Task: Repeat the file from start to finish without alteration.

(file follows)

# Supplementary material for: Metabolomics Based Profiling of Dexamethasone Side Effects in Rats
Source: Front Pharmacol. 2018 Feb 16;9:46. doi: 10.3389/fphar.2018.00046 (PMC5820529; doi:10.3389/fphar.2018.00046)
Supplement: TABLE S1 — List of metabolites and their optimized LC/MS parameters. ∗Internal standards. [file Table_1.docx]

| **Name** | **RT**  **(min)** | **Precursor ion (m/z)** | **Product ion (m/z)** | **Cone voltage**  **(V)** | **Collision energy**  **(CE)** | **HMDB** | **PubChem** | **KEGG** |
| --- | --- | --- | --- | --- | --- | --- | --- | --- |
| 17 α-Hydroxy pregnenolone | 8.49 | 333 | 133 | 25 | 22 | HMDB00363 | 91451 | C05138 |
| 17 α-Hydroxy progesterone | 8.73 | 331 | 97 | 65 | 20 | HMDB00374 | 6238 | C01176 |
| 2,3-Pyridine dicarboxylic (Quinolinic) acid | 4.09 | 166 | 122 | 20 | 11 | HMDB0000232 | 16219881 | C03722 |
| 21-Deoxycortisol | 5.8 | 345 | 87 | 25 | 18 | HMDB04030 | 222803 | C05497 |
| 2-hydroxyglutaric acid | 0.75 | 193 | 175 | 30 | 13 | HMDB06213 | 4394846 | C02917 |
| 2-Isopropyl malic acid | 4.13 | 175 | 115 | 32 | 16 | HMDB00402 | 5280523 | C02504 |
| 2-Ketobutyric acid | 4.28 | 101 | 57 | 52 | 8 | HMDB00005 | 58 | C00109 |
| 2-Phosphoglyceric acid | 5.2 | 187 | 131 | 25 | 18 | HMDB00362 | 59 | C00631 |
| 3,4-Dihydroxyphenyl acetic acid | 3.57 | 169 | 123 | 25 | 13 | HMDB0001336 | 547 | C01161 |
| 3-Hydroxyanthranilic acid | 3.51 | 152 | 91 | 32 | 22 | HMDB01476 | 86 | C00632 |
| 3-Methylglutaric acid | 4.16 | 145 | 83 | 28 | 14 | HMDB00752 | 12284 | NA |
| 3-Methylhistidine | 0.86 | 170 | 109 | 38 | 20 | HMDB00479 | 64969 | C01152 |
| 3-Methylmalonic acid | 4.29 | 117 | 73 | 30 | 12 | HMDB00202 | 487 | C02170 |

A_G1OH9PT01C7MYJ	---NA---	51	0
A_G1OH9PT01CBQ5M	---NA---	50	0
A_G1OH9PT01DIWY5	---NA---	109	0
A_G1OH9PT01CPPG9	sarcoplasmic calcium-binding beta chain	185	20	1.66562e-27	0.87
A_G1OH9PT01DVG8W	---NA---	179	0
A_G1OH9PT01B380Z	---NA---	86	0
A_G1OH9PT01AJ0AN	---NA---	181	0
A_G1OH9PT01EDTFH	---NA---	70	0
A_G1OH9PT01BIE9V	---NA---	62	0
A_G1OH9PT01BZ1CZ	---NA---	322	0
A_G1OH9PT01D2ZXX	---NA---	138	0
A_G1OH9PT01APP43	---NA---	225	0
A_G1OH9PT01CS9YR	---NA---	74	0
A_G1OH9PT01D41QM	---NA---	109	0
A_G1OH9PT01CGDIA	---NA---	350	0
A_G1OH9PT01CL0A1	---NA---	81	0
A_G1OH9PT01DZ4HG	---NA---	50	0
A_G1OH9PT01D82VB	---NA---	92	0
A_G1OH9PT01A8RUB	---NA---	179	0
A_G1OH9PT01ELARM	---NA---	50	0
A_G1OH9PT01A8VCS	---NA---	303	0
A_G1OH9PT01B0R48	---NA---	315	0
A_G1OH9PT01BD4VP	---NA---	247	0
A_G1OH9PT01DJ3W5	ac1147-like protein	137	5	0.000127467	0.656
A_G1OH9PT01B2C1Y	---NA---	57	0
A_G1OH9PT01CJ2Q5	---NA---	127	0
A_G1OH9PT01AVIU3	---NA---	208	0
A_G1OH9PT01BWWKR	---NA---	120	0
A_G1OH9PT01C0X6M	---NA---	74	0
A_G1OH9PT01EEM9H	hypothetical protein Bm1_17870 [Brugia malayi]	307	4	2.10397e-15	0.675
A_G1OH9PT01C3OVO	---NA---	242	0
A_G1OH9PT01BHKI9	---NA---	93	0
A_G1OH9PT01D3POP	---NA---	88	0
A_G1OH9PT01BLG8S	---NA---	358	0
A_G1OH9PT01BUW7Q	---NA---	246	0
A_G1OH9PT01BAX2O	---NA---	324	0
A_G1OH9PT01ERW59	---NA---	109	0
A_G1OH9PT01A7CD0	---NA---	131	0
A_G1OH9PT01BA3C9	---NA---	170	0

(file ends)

# Supplementary material for: Metabolomics Based Profiling of Dexamethasone Side Effects in Rats
Source: Front Pharmacol. 2018 Feb 16;9:46. doi: 10.3389/fphar.2018.00046 (PMC5820529; doi:10.3389/fphar.2018.00046)
Supplement: TABLE S1 — List of metabolites and their optimized LC/MS parameters. ∗Internal standards. [file Table_1.docx]

| **Name** | **RT**  **(min)** | **Precursor ion (m/z)** | **Product ion (m/z)** | **Cone voltage**  **(V)** | **Collision energy**  **(CE)** | **HMDB** | **PubChem** | **KEGG** |
| --- | --- | --- | --- | --- | --- | --- | --- | --- |
| 17 α-Hydroxy pregnenolone | 8.49 | 333 | 133 | 25 | 22 | HMDB00363 | 91451 | C05138 |
| 17 α-Hydroxy progesterone | 8.73 | 331 | 97 | 65 | 20 | HMDB00374 | 6238 | C01176 |
| 2,3-Pyridine dicarboxylic (Quinolinic) acid | 4.09 | 166 | 122 | 20 | 11 | HMDB0000232 | 16219881 | C03722 |
| 21-Deoxycortisol | 5.8 | 345 | 87 | 25 | 18 | HMDB04030 | 222803 | C05497 |
| 2-hydroxyglutaric acid | 0.75 | 193 | 175 | 30 | 13 | HMDB06213 | 4394846 | C02917 |
| 2-Isopropyl malic acid | 4.13 | 175 | 115 | 32 | 16 | HMDB00402 | 5280523 | C02504 |
| 2-Ketobutyric acid | 4.28 | 101 | 57 | 52 | 8 | HMDB00005 | 58 | C00109 |
| 2-Phosphoglyceric acid | 5.2 | 187 | 131 | 25 | 18 | HMDB00362 | 59 | C00631 |
| 3,4-Dihydroxyphenyl acetic acid | 3.57 | 169 | 123 | 25 | 13 | HMDB0001336 | 547 | C01161 |
| 3-Hydroxyanthranilic acid | 3.51 | 152 | 91 | 32 | 22 | HMDB01476 | 86 | C00632 |
| 3-Methylglutaric acid | 4.16 | 145 | 83 | 28 | 14 | HMDB00752 | 12284 | NA |
| 3-Methylhistidine | 0.86 | 170 | 109 | 38 | 20 | HMDB00479 | 64969 | C01152 |
| 3-Methylmalonic acid | 4.29 | 117 | 73 | 30 | 12 | HMDB00202 | 487 | C02170 |

A_G1OH9PT01C7MYJ	---NA---	51	0
A_G1OH9PT01CBQ5M	---NA---	50	0
A_G1OH9PT01DIWY5	---NA---	109	0
A_G1OH9PT01CPPG9	sarcoplasmic calcium-binding beta chain	185	20	1.66562e-27	0.87
A_G1OH9PT01DVG8W	---NA---	179	0
A_G1OH9PT01B380Z	---NA---	86	0
A_G1OH9PT01AJ0AN	---NA---	181	0
A_G1OH9PT01EDTFH	---NA---	70	0
A_G1OH9PT01BIE9V	---NA---	62	0
A_G1OH9PT01BZ1CZ	---NA---	322	0
A_G1OH9PT01D2ZXX	---NA---	138	0
A_G1OH9PT01APP43	---NA---	225	0
A_G1OH9PT01CS9YR	---NA---	74	0
A_G1OH9PT01D41QM	---NA---	109	0
A_G1OH9PT01CGDIA	---NA---	350	0
A_G1OH9PT01CL0A1	---NA---	81	0
A_G1OH9PT01DZ4HG	---NA---	50	0
A_G1OH9PT01D82VB	---NA---	92	0
A_G1OH9PT01A8RUB	---NA---	179	0
A_G1OH9PT01ELARM	---NA---	50	0
A_G1OH9PT01A8VCS	---NA---	303	0
A_G1OH9PT01B0R48	---NA---	315	0
A_G1OH9PT01BD4VP	---NA---	247	0
A_G1OH9PT01DJ3W5	ac1147-like protein	137	5	0.000127467	0.656
A_G1OH9PT01B2C1Y	---NA---	57	0
A_G1OH9PT01CJ2Q5	---NA---	127	0
A_G1OH9PT01AVIU3	---NA---	208	0
A_G1OH9PT01BWWKR	---NA---	120	0
A_G1OH9PT01C0X6M	---NA---	74	0
A_G1OH9PT01EEM9H	hypothetical protein Bm1_17870 [Brugia malayi]	307	4	2.10397e-15	0.675
A_G1OH9PT01C3OVO	---NA---	242	0
A_G1OH9PT01BHKI9	---NA---	93	0
A_G1OH9PT01D3POP	---NA---	88	0
A_G1OH9PT01BLG8S	---NA---	358	0
A_G1OH9PT01BUW7Q	---NA---	246	0
A_G1OH9PT01BAX2O	---NA---	324	0
A_G1OH9PT01ERW59	---NA---	109	0
A_G1OH9PT01A7CD0	---NA---	131	0
A_G1OH9PT01BA3C9	---NA---	170	0